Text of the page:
The little-used but quickly growing source of funds - matching grants
It wasn't as if matching grants saved the day for WGBH last year. The Boston public radio and television broadcasting station received only 3 percent of its donations from corporate contributions that matched, or beat, donations made by their corporate employees.
But that tiny share represents feisty growth.
Last year, total matching income for WGBH reached $198,241, a 54 percent increase from 1981. Part of the rise was because the station added 40 more companies to its matching-gift list. ''We should at least be able to get that many, and hopefully more, this year,'' says Courtney Earley, who heads the matching-grant drive for WGBH.
Matching grants are a minuscule but rapidly growing source of funding for the arts. A company gives matching grants when it meets, or betters, donations made by company employees. The Business Council for the Arts, a New York association of business leaders supporting the arts, counted only 51 firms across the country that had matching-grant programs in 1980. This year so far, the BCA has tracked 230 firms with such programs.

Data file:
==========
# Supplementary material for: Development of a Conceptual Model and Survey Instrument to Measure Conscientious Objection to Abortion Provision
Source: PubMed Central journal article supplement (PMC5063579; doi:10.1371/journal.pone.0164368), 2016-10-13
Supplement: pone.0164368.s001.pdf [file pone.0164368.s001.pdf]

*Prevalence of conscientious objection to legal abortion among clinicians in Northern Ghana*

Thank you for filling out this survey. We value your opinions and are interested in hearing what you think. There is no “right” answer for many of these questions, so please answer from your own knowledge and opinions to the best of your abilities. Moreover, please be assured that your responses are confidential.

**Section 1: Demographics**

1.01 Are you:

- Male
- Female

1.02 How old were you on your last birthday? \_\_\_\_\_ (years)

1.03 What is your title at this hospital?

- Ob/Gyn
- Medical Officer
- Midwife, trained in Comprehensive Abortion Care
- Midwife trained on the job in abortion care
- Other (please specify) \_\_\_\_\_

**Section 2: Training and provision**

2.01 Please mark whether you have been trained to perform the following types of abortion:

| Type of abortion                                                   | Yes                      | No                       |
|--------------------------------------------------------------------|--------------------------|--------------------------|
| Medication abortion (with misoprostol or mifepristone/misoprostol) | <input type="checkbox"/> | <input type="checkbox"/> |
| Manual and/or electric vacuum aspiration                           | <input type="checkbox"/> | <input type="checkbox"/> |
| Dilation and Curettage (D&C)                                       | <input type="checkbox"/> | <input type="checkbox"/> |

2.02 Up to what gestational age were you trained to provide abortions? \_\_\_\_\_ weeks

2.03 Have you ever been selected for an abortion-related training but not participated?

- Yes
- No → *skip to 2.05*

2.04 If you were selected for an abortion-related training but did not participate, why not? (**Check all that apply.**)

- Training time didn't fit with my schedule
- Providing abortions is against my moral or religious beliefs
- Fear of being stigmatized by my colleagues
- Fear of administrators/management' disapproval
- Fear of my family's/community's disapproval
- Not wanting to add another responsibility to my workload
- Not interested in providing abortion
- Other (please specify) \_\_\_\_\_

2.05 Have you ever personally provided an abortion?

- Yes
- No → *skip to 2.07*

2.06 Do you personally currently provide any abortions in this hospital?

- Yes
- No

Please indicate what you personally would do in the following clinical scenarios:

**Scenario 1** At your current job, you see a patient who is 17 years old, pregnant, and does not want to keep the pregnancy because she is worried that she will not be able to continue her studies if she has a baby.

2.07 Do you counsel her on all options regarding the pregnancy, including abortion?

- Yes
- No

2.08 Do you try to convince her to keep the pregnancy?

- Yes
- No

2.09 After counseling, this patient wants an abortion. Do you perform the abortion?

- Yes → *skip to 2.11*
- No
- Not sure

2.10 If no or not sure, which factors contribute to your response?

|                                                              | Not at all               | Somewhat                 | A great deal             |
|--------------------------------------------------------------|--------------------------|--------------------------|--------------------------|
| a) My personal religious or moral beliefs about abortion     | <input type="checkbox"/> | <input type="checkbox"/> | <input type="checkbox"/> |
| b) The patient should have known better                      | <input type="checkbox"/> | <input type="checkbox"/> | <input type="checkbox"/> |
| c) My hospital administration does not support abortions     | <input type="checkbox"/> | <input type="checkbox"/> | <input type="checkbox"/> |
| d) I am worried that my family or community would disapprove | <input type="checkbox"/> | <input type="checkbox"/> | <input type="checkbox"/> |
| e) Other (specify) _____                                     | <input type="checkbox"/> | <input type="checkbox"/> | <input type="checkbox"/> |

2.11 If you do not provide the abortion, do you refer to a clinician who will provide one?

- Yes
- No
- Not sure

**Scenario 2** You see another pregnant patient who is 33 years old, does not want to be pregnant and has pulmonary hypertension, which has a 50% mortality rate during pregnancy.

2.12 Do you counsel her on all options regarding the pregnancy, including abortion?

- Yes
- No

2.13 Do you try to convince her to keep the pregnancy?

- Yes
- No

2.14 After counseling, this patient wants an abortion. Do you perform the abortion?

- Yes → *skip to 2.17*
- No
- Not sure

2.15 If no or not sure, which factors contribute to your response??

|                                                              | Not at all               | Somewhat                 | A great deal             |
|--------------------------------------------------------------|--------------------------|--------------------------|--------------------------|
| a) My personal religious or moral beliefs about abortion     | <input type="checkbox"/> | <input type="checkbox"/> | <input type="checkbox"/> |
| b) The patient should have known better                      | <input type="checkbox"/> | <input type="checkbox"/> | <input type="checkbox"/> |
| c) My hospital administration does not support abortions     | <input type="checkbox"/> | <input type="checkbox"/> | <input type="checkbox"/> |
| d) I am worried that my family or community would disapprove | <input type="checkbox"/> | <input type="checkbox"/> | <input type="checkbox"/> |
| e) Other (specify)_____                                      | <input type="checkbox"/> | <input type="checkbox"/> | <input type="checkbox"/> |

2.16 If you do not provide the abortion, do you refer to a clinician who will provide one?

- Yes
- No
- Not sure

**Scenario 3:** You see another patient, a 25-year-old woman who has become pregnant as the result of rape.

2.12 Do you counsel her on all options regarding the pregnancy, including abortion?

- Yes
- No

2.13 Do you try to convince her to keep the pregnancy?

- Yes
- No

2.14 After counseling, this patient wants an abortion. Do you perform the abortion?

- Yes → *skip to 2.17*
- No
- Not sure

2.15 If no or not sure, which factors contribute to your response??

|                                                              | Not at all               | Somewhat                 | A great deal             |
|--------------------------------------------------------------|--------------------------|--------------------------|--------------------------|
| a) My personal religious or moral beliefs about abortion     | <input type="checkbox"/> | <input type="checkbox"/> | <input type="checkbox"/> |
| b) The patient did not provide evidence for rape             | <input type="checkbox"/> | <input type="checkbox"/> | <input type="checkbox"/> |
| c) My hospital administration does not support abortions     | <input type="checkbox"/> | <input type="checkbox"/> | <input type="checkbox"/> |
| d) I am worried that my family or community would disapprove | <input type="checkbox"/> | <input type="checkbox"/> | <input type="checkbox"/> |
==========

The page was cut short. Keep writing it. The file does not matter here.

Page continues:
Daniel Fallon, spokesman for the group, says the idea is catching on because companies ''want to involve their employees in the grant decision process.'' And , he adds, ''From the management point of view, I think it's a mechanism to make employees feel the company they work for is interested in them and the things they are interested in.'' And the arts are doing their best to push companies in this direction, too.
At some companies with matching programs, the number of employees taking advantage of them is increasing - and so is the amount they are giving.